So it’s become international. And
[00:24:33] Stephen: so there’s a go wide for the win argument right there that you have connections all over. You don’t want to necessarily just be on Amazon. If you’re working with a publicist, most bang for the buck. Take advantage of all your connections and all you, it’s no different
[00:24:49] Mickey: than social media as an author.
Twitter and Facebook are fine, but pick talks also we’ll take talks to the biggest right now, and then there’s other things. So yeah. You have to spread yourself out. [00:25:00] Why to have success. That’s my belief.
[00:25:02] Stephen: Yeah, absolutely. So have you noticed, or has any of the like USA bestsellers? Have they said, wow. I had a book that did.
Okay. But now I’m working with you, the publicist. I’m actually selling more books over the long-term. Have you gotten any of that feedback from those authors?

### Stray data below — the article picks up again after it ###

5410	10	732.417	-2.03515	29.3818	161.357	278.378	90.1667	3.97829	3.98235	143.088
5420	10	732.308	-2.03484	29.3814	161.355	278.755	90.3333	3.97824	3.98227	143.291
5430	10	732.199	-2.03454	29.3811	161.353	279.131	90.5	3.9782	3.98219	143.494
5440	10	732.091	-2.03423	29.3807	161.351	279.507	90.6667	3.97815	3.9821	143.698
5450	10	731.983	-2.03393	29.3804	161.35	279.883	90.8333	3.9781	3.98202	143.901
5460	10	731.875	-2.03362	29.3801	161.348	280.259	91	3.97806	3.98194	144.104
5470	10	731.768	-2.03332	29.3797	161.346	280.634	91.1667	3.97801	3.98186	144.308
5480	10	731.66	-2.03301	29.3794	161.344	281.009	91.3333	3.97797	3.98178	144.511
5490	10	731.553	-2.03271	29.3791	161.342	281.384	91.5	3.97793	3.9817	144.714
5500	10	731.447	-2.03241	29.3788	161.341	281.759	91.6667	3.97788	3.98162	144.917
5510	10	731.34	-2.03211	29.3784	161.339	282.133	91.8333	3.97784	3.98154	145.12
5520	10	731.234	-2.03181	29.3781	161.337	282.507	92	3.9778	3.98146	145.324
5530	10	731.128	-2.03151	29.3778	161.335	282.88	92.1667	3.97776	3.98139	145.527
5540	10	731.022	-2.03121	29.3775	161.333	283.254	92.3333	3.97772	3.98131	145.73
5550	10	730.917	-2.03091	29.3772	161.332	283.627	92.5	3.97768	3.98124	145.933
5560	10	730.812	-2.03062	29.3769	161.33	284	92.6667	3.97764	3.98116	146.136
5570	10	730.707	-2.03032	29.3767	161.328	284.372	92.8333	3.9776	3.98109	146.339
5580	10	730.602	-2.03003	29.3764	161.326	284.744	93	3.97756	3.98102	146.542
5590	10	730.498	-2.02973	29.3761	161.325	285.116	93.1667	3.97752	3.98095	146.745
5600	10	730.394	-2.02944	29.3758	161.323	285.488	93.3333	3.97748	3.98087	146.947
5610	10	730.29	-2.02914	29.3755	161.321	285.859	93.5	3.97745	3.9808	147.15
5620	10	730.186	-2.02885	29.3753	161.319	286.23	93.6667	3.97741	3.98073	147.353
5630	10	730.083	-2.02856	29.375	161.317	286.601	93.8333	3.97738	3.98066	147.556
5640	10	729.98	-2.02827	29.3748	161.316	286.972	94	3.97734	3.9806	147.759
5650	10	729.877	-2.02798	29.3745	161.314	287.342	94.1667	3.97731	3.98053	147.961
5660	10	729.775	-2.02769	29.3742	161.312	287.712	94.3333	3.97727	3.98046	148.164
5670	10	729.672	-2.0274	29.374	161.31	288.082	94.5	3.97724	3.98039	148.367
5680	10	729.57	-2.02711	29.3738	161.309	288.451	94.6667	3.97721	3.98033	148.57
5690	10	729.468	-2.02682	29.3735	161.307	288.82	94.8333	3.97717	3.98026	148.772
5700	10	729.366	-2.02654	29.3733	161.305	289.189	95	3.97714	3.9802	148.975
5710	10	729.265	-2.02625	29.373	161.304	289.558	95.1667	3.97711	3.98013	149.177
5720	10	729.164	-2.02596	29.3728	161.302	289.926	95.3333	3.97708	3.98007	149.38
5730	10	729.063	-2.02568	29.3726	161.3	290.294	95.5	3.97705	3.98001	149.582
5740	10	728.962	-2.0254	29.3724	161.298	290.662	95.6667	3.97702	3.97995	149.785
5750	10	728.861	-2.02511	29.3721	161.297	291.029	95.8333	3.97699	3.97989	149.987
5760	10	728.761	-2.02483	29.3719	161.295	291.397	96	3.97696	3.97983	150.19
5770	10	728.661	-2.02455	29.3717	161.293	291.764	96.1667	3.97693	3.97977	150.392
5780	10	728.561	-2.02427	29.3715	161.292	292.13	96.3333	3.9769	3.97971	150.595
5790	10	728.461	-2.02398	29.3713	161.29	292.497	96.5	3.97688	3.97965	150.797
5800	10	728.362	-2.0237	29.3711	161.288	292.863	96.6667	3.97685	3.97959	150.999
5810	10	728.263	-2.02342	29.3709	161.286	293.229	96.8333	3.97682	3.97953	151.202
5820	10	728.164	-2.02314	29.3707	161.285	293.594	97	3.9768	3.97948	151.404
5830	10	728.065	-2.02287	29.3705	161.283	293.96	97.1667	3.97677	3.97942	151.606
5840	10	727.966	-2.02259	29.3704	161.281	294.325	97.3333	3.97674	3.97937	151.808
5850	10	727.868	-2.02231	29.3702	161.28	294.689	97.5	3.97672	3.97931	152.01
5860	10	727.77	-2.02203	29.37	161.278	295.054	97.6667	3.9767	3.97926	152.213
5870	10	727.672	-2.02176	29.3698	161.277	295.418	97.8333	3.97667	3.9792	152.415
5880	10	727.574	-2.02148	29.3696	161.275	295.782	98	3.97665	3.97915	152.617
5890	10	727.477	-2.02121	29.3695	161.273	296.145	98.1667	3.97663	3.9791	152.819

[00:25:22] Mickey: Uh, yeah. My, I have a couple of authors and Charles who is a USA today bestseller, and she’s very happy. She’d been working with me for over two years and that’s
[00:25:31] Stephen: a Testament right there.
[00:25:33] Mickey: Yeah. And I met her at the South Dakota festival of books, I believe three or two, two or three years ago. I don’t remember the date, but it’s, she’d been with me for one. And she feels that everything that I’m doing for her compliments, all the things that she’s already doing. And that’s just one aspect of it.
We’ve also got an international bestseller. Her name is Catherine Hudson, and she became an international bestseller through our efforts together [00:26:00] actually. And very well-versed, she’s got substantial books and she’s been on a number of. Media vehicles, including Fox news, pile seven 70, the nerd daily out of Australia, things like that.